This primary has become one marked by controversy and screw-ups. It seems the only time John McCain gets any air time is when he makes a mistake. On a recent trip to the Middle East, McCain’s most televised moment was when he misspoke, confusing the names and locations of some of the terrorist groups; he promptly self-corrected. This lack of press for McCain is understandable in the context of McCain being the presumed Republican nominee while the Democrats are still fighting it out.
While the Democrats inevitably get more air time, recently their mistakes or slips of the tongue are dominating the coverage. Hillary Clinton’s snafus tend to be fewer and farther between but with more impact. For example, Hillary has commented on her experience in negotiating various deals in foreign countries. It appears now that she had little to nothing to do with the deals struck. Most recently, she claimed to have been under sniper fire while landing in Bosnia, reiterating the story more than once. Video from the landing shows that there was no sniper fire and the atmosphere seemed quite relaxed. These mistakes have some people questioning if Hillary Clinton will say anything to get reelected; is it possible she has such a skewed memory of what happened in favor of herself, or is she just making all this up?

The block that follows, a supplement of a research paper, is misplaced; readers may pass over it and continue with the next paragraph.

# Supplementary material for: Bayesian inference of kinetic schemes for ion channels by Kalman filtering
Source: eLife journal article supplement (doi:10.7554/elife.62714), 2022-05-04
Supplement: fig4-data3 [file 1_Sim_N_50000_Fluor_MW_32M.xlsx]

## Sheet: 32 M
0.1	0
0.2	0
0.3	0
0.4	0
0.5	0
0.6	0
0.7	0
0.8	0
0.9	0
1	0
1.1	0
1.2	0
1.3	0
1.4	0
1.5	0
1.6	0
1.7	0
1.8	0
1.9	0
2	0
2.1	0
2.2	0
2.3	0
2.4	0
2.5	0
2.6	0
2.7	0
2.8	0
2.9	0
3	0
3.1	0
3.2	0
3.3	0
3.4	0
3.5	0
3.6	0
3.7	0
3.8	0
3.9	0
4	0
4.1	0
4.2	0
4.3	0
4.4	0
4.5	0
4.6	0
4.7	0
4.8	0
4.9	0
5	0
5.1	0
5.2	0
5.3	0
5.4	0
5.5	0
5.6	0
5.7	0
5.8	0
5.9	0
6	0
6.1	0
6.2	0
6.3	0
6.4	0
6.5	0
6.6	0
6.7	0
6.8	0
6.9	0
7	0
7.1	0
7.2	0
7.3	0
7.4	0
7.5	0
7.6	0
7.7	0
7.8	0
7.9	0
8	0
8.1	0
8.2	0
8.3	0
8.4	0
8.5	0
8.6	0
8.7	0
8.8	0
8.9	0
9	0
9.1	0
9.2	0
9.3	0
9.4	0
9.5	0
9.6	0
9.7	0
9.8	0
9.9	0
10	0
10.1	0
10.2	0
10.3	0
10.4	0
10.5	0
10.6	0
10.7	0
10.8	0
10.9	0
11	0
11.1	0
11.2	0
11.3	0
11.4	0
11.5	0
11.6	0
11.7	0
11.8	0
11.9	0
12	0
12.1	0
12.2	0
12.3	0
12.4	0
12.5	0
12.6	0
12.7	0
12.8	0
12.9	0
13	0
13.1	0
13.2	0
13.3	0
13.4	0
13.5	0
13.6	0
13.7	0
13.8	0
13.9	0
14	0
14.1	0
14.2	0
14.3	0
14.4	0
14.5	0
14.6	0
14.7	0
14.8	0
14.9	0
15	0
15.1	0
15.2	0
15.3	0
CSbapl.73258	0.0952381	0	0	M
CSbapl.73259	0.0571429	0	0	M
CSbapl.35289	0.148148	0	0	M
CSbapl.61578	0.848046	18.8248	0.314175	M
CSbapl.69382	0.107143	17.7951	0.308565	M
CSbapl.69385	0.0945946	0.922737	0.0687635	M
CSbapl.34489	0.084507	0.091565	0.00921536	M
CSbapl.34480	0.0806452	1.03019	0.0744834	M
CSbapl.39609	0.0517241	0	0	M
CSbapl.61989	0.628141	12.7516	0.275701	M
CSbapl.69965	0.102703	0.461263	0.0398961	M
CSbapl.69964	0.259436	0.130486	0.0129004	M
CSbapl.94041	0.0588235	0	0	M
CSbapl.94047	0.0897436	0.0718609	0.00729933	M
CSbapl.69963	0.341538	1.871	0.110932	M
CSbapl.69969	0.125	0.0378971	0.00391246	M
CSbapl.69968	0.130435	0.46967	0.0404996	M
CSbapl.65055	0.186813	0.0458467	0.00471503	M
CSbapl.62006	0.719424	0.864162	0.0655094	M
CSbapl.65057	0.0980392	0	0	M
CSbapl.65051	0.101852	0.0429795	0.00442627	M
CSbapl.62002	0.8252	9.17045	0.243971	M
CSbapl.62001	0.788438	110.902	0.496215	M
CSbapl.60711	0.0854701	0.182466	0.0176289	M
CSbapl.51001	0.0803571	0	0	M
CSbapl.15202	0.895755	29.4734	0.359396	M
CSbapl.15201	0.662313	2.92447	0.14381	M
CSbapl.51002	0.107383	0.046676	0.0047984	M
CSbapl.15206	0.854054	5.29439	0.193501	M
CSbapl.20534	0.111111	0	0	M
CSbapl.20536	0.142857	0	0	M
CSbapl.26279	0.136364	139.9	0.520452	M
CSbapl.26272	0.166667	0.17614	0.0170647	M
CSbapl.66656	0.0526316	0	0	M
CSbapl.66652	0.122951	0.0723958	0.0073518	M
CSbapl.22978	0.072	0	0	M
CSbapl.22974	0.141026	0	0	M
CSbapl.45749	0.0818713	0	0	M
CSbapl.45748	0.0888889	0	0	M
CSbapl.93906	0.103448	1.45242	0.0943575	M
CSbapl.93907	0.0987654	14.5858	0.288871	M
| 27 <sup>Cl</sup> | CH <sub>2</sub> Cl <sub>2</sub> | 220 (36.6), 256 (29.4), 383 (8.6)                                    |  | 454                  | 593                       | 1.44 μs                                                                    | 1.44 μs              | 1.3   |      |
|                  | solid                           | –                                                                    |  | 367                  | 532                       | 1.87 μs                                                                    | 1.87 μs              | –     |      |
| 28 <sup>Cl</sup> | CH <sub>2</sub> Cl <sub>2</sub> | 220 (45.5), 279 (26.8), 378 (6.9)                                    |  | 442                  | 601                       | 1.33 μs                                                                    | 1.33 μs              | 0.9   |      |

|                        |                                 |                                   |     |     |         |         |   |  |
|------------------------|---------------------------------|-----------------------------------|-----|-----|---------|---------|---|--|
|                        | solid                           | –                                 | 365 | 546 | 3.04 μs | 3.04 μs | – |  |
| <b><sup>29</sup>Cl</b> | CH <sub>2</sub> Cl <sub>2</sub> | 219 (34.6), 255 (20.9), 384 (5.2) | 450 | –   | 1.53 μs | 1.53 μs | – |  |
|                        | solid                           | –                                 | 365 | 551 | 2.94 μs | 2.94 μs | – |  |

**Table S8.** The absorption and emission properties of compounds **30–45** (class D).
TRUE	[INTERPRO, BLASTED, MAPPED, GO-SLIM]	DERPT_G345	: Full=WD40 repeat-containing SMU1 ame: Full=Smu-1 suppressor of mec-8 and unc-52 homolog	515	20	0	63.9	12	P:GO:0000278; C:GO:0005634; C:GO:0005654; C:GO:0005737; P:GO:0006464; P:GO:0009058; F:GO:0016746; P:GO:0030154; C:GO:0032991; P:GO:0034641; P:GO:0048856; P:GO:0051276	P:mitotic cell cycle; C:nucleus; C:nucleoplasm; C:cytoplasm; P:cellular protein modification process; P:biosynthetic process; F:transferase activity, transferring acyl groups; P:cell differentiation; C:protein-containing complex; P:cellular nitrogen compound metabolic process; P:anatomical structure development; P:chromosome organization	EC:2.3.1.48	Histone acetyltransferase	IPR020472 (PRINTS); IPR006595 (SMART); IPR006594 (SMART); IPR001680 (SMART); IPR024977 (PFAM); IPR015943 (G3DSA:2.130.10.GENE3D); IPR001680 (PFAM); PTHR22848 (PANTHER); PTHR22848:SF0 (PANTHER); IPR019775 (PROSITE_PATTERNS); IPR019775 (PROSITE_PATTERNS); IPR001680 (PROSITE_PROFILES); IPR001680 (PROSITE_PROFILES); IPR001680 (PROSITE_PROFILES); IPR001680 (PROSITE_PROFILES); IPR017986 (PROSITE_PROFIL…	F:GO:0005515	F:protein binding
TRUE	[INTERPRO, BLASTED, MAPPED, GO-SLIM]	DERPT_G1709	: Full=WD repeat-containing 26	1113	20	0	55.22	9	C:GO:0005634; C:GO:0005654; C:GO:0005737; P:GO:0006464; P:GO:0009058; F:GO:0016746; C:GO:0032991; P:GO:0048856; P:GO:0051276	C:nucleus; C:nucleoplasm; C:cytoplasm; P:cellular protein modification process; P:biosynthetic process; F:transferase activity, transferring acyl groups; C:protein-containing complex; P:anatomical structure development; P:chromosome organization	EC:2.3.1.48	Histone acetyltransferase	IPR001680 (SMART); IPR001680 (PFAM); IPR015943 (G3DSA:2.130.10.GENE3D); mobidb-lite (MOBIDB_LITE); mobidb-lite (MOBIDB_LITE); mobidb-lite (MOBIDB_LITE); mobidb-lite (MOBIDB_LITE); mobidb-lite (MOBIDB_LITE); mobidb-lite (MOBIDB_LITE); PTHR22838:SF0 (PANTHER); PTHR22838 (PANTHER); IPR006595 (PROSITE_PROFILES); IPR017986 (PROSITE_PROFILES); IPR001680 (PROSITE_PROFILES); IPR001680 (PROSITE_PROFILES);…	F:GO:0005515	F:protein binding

Barack Obama has had more than his fair share of snafus, not all of which were even his. Comments from a speech his wife made along with excerpts from one of her writings led people to think that she has never been proud of this country until now. Obama has come under fire for statements his pastor made while Obama has been a member of the church. Barack Obama’s slips of the tongue include threatening to bomb Pakistan, talking about “typical white” people, and most recently calling a baby a punishment for a mistake.
When you combine these mistakes with the candidates arguing about the tiny differences in their health care plans (which seems to be the only substantive issue that gets any coverage) and the incessant “3 a.m. phone calls,” too many people are left shaking their heads every time they turn on the news if they even bother to do so at all.
Beyond the individual candidate’s mistakes, there is a bigger storm brewing with the Democratic nomination—two separate ones, at that. The first is in regards to Florida and Michigan. Both states were stripped of their delegates for moving their primaries to an earlier date. Hillary Clinton won both, though in Michigan, Obama’s name didn’t appear on the ballot. In Florida, where Obama’s name did appear on the ballot (he didn’t campaign there), the state had its highest turnout ever. As of now, officially their votes don’t count; if it wasn’t so sad it might be funny having Floridian votes not counting again.